The Pullman National Historic Site, Chicago, Illinois


The U.S. city of Chicago, Illinois is known as the ‘Hub of North America’.  Many major interstates pass through the city, and it is a major railroad hub with many railroad lines serving the city.  For this reason, Trains Magazine refers to the city of Chicago as the ‘Railroad Capital of America’.  The city is famous for being a factory town, and one this that was manufactured here was the Pullman Car.


The year is 1857.  A man by the name of George Pullman began to build what became known as the ‘Pullman Car’, a luxurious sleeper car used on long train trips, in a factory in south Chicago.  He employed many people, many of whom were African Americans.  One of the benefits of working for George Pullman was that he built a community for the workers to live in, and they had a short walk to the factory.  A hotel, named for his daughter Florence, was also built.  You can say that everyone enjoyed life at the Pullman Company.


Not exactly.


In 1894, the workers went on strike.  Wages were lowered, and workers were laid off.  Unfortunately for the union workers, they would lose the fight, and the president of the union would get arrested.


The Pullman Company continued with the manufacturing of the sleepers.  As the automobile became more popular, the Pullman Cars became less popular.  The company folded in 1968.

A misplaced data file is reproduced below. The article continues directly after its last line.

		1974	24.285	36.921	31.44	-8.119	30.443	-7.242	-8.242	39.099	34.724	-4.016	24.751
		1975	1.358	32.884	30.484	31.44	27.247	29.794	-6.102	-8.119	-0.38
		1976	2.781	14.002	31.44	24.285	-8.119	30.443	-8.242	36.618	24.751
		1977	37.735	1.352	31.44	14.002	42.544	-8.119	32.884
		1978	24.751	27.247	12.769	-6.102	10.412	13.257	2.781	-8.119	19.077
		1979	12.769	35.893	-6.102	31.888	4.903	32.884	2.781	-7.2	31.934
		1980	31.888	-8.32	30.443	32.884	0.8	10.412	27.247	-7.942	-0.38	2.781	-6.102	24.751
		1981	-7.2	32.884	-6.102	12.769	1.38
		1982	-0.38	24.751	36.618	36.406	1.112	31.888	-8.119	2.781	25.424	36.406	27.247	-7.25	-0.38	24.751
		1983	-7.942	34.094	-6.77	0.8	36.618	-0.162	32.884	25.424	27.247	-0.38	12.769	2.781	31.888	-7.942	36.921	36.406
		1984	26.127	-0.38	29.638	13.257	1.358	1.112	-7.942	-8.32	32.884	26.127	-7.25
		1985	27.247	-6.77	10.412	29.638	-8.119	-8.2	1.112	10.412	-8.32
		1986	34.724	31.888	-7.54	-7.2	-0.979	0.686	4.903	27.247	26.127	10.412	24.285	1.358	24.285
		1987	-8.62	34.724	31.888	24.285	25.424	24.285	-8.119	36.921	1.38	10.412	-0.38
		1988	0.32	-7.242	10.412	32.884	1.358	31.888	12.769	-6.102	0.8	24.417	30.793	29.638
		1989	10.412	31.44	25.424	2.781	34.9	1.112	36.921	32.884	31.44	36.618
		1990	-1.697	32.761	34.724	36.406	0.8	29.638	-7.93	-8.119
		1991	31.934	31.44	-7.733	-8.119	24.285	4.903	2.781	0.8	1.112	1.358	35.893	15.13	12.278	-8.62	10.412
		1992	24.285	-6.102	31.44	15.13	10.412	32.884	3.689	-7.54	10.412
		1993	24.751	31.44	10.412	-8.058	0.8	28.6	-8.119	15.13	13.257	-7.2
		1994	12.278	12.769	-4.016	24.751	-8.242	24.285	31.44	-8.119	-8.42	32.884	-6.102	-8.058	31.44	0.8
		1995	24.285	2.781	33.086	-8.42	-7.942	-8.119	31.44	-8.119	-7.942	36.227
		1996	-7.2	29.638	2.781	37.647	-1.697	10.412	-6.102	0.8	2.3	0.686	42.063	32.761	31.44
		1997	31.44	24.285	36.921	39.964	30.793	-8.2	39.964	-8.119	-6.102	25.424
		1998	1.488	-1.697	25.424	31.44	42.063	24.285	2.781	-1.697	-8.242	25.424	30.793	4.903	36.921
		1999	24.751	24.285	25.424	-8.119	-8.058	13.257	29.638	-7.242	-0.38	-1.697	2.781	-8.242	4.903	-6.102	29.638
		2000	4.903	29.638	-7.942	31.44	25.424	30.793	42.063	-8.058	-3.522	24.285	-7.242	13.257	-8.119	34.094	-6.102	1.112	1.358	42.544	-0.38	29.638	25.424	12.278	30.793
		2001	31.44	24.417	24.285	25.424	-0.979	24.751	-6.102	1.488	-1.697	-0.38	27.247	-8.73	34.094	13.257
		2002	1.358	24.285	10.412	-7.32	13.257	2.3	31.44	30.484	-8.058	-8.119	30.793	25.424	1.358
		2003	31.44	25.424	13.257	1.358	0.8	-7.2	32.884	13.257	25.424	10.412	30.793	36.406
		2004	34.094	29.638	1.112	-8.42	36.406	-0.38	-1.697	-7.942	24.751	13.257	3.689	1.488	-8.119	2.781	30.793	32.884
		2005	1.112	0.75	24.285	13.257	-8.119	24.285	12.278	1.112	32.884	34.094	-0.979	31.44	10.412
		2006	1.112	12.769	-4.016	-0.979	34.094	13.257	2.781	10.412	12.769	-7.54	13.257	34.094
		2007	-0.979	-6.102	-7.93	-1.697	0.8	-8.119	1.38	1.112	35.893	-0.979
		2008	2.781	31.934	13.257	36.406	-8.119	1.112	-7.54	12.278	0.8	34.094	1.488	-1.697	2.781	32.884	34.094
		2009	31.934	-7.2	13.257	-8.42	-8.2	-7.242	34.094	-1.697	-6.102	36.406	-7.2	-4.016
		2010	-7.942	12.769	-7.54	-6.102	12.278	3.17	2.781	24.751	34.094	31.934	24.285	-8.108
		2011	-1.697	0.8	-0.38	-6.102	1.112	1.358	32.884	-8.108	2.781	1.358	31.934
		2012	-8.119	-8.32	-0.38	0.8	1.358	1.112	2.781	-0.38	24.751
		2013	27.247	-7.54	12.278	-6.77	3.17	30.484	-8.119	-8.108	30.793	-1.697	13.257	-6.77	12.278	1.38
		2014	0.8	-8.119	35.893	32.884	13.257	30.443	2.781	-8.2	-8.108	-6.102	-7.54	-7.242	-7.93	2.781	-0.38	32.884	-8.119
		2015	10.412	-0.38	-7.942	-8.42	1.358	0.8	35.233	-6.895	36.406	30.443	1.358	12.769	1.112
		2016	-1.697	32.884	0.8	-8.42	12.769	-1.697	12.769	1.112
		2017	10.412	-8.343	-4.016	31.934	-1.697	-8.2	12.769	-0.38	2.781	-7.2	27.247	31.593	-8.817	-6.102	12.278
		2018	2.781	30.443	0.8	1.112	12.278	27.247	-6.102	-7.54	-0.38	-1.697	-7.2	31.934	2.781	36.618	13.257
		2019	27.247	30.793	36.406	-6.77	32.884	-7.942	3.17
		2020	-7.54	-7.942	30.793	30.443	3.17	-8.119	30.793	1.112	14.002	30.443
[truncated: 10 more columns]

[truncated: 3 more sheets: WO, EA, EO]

In 2015, President Barack Obama declared the community a national historic site, and the National Pullman Historic Site was established.  Many of the homes are now private residences.  The hotel and the factory are currently vacant, but plans are in the works to restore both structures making them into museum space.  The old factory will have some of the old Pullman cars on display.  In the meantime, you can visit the museum and see some of the artifacts on display.  The museum is free and is operated by the National Park Service.  (Hours vary by season.)  It is located at 11141 S. Cottage Avenue in Chicago, Illinois.  It is just a few blocks west of Interstate 94 and 20 minutes from downtown.  Once you see the museum, you can walk through the historic community.  (The factory building is currently fenced off and is off limits.)  When you are finish… leave… but plan your return to see a historic site reborn.  You can read more into the National Pullman Historic Site and get more information at


When you are in and around Chicago, may your way to the Pullman National Historic Site.  Come see a great piece of railroad history.



The  two  black  and  white  photos  are  photos  from  the  Pullman  site  and  are  the  property  of  the  National  Park  Service  who  retain  the  copyrights  to  the  photos.

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